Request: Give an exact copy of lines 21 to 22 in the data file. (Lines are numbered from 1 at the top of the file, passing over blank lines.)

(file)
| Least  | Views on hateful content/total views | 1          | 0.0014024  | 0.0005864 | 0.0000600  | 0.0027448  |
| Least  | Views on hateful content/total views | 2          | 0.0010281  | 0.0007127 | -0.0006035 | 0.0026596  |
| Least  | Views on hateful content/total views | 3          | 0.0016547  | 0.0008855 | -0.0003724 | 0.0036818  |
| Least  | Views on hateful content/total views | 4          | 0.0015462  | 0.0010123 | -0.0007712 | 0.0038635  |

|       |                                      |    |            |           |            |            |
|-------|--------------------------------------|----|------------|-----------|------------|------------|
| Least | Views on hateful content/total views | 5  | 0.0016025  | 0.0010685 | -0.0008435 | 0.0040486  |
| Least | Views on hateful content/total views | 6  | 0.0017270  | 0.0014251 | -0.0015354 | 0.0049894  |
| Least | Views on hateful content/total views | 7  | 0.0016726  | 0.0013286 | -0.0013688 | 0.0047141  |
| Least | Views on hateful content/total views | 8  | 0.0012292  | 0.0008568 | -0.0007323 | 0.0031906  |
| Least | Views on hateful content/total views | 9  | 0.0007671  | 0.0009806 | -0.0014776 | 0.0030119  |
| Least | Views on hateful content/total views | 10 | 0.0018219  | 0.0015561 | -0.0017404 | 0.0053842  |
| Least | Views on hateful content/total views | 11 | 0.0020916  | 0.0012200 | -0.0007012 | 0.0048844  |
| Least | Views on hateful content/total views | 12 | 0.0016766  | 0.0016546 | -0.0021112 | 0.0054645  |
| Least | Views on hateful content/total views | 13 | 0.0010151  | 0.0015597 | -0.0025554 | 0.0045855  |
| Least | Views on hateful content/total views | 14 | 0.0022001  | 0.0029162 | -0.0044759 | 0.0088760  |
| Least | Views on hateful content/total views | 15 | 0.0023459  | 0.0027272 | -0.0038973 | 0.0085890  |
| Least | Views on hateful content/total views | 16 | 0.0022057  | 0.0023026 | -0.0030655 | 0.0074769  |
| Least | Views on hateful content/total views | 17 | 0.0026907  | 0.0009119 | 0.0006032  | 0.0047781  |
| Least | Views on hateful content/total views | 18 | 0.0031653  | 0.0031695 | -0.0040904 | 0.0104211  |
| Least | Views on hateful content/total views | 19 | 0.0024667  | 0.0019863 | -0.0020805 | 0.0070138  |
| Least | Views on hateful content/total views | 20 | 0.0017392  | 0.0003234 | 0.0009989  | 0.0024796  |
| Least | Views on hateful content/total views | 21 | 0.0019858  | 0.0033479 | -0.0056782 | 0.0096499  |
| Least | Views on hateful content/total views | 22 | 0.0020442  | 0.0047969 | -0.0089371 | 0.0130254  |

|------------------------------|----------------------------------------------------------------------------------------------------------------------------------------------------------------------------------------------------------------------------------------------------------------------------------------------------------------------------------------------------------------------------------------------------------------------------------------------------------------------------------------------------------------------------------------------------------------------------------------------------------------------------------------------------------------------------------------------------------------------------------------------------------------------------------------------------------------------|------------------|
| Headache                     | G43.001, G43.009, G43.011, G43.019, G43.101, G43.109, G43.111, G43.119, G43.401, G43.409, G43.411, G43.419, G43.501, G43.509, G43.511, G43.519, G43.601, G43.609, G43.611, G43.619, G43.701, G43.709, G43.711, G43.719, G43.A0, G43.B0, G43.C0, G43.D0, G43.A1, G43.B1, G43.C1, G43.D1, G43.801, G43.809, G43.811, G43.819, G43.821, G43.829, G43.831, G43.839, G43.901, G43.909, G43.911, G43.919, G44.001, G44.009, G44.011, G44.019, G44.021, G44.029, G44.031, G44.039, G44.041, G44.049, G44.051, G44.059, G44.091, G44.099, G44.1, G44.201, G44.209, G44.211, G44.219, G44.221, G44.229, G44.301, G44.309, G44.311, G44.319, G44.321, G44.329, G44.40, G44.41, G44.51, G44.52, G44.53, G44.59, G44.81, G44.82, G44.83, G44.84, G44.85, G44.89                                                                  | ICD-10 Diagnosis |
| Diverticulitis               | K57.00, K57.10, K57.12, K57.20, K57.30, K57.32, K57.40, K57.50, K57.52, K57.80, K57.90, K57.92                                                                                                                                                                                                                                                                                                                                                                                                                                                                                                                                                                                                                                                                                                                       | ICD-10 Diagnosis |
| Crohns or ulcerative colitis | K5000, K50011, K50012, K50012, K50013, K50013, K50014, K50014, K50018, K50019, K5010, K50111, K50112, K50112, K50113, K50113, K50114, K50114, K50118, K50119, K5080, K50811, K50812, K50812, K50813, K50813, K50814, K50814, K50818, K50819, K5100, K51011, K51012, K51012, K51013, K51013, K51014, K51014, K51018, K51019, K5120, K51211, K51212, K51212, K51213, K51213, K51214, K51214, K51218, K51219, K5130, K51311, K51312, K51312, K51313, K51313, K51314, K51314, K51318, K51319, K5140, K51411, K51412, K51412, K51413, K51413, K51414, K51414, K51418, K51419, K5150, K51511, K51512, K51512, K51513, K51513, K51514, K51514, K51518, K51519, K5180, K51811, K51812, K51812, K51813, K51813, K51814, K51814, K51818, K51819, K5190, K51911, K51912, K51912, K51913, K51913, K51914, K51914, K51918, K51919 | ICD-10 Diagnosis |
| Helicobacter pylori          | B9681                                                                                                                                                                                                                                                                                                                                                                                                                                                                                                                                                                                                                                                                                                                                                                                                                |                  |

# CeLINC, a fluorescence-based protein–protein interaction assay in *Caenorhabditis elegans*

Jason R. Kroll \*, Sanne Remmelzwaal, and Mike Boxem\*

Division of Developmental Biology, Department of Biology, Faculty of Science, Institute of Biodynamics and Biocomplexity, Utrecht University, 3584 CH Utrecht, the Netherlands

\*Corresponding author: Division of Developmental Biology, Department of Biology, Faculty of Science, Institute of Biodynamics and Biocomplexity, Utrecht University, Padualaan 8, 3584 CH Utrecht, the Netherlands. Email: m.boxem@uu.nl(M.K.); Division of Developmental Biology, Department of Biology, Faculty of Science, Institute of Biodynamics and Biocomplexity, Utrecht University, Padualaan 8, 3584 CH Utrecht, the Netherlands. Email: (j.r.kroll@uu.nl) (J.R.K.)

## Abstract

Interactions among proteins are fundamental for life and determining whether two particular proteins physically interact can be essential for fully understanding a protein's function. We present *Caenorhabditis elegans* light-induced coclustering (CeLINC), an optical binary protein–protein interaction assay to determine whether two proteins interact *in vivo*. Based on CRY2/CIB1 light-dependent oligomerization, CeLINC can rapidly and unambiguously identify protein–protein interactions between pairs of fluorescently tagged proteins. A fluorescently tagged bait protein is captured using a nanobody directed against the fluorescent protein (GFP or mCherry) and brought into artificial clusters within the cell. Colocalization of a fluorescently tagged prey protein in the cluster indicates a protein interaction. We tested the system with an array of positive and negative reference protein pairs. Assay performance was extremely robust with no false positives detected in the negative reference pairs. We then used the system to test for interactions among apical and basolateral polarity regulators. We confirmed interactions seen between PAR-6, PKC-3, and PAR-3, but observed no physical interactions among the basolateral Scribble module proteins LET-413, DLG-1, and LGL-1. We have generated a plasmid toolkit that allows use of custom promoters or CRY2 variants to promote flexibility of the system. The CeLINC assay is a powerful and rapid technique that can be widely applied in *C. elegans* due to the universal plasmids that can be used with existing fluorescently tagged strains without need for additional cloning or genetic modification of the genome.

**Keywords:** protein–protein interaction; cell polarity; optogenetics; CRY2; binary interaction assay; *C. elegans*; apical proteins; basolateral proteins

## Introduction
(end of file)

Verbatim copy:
| Least | Views on hateful content/total views | 19 | 0.0024667  | 0.0019863 | -0.0020805 | 0.0070138  |
| Least | Views on hateful content/total views | 20 | 0.0017392  | 0.0003234 | 0.0009989  | 0.0024796  |